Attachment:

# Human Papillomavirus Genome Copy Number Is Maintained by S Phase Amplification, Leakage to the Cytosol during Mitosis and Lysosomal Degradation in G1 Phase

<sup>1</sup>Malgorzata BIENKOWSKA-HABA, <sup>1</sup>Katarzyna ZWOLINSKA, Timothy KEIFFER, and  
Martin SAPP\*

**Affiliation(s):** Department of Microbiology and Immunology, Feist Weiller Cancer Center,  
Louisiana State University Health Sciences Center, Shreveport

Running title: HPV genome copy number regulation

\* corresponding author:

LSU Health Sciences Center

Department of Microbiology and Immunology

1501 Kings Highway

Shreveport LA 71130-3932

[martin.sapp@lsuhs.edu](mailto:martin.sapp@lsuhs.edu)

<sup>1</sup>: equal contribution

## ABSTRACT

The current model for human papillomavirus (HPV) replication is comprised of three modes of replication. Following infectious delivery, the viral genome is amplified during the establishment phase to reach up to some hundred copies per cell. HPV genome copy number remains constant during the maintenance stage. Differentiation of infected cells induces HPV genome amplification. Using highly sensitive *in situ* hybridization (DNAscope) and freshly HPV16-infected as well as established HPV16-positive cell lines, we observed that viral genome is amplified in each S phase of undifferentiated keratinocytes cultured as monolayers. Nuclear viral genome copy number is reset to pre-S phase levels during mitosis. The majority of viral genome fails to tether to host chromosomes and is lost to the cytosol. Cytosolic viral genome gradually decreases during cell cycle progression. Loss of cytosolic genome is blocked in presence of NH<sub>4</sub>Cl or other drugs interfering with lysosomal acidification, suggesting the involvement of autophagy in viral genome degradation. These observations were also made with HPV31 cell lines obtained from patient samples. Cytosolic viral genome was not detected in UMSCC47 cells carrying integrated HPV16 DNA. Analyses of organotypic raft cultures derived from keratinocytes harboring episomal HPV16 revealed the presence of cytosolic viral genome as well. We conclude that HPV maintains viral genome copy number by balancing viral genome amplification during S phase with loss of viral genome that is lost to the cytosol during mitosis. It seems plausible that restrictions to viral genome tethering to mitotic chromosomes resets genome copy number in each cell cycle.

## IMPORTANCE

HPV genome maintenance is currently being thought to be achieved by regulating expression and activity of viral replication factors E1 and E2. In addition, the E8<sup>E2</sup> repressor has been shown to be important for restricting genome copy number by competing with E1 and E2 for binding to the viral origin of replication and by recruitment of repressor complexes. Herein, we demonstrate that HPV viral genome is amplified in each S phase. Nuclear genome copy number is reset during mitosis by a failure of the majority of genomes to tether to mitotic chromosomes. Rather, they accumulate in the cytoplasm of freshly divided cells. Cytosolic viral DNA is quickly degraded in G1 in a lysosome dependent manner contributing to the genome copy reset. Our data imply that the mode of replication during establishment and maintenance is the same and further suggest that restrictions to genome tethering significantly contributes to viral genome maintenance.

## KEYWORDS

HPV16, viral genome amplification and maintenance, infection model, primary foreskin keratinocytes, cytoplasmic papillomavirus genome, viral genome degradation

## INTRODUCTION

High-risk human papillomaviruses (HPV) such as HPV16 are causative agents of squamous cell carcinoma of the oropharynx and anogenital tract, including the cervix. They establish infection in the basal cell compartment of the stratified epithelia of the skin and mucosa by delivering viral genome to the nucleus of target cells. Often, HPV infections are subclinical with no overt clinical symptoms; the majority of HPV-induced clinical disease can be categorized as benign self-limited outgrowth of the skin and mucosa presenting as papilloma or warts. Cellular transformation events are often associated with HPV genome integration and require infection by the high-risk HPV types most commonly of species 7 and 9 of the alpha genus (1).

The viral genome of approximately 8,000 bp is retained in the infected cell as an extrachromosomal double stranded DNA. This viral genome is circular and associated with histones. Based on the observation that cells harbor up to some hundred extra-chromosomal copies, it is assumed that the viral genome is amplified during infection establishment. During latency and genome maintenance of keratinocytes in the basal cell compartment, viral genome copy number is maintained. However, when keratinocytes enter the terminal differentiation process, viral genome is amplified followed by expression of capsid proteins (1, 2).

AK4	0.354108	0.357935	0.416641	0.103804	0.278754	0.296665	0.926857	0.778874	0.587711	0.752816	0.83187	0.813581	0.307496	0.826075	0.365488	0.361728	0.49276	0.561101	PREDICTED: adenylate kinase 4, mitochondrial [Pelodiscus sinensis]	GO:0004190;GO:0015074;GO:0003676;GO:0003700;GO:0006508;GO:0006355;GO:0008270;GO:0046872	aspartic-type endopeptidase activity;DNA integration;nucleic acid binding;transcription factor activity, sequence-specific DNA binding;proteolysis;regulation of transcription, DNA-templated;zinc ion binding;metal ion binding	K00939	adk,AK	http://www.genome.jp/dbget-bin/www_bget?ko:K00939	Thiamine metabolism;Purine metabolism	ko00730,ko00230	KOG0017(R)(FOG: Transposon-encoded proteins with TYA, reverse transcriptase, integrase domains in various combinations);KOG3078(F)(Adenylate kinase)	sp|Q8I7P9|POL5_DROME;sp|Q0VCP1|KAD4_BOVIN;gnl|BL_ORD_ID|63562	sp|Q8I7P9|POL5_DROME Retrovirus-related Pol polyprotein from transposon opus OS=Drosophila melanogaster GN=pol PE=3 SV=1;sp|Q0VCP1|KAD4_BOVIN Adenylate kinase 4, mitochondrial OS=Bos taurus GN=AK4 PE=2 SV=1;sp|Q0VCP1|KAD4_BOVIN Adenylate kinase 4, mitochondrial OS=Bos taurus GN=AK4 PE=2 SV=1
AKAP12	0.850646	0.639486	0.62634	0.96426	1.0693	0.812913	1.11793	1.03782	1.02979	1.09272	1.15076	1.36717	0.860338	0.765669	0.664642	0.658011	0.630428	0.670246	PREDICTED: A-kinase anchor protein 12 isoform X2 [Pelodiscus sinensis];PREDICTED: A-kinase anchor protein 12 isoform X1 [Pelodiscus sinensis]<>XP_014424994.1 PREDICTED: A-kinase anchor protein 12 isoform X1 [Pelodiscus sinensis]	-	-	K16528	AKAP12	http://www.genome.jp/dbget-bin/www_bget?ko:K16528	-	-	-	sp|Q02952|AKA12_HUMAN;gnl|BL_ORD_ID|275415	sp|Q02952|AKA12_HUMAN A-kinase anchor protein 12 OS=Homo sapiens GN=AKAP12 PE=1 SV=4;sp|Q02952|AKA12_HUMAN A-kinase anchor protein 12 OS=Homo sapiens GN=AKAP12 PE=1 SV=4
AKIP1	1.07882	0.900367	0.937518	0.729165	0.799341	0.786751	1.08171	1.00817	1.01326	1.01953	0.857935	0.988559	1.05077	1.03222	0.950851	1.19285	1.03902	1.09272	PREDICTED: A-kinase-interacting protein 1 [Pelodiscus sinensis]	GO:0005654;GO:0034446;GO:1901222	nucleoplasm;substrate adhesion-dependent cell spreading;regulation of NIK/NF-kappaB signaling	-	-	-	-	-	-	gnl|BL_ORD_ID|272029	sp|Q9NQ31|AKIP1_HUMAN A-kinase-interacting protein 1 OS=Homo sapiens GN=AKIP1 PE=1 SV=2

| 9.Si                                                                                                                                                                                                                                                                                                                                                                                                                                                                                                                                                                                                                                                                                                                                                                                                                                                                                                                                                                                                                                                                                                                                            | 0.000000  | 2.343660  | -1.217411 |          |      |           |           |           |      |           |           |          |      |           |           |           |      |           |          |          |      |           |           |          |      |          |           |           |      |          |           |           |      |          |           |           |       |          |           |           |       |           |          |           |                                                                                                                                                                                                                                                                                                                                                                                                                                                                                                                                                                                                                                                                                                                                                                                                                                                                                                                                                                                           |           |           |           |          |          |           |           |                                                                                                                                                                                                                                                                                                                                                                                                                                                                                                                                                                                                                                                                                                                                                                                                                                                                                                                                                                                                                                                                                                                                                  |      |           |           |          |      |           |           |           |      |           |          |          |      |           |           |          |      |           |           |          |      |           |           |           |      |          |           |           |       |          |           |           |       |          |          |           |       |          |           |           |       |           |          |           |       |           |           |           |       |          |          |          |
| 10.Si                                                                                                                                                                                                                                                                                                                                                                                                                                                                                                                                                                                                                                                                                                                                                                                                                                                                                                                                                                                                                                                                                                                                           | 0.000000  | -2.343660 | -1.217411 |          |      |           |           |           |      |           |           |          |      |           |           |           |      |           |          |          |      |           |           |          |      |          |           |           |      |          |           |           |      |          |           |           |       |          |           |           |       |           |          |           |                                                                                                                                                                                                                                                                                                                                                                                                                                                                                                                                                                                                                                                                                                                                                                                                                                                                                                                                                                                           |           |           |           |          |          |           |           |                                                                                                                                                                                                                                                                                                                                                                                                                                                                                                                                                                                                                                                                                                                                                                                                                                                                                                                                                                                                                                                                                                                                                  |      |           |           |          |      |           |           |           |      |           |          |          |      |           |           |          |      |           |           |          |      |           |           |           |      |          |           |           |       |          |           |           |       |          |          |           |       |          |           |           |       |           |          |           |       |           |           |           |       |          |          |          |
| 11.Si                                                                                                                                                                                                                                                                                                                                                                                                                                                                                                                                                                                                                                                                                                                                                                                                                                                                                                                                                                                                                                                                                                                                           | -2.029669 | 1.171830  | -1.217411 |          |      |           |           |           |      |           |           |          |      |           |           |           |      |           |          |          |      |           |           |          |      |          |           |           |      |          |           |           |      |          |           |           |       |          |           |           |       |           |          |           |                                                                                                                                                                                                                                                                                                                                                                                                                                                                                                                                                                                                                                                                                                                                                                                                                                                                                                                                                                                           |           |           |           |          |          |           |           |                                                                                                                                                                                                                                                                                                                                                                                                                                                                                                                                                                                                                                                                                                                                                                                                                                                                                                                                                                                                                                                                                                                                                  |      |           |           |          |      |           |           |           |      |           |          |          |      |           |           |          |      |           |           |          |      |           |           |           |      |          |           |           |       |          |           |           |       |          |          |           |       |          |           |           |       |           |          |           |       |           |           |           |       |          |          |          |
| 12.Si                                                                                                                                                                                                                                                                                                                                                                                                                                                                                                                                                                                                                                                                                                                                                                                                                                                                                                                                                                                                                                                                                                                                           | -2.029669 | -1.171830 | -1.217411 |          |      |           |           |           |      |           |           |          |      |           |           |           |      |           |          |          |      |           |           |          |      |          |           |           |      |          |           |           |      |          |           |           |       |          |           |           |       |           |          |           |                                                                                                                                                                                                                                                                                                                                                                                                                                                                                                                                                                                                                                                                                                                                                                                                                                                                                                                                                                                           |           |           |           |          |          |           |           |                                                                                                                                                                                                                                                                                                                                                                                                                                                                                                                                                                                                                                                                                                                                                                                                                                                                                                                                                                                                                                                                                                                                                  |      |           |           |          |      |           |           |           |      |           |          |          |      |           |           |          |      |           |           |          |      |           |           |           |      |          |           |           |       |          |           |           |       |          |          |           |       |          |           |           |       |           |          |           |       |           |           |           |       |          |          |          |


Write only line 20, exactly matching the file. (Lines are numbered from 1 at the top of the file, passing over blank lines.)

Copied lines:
## INTRODUCTION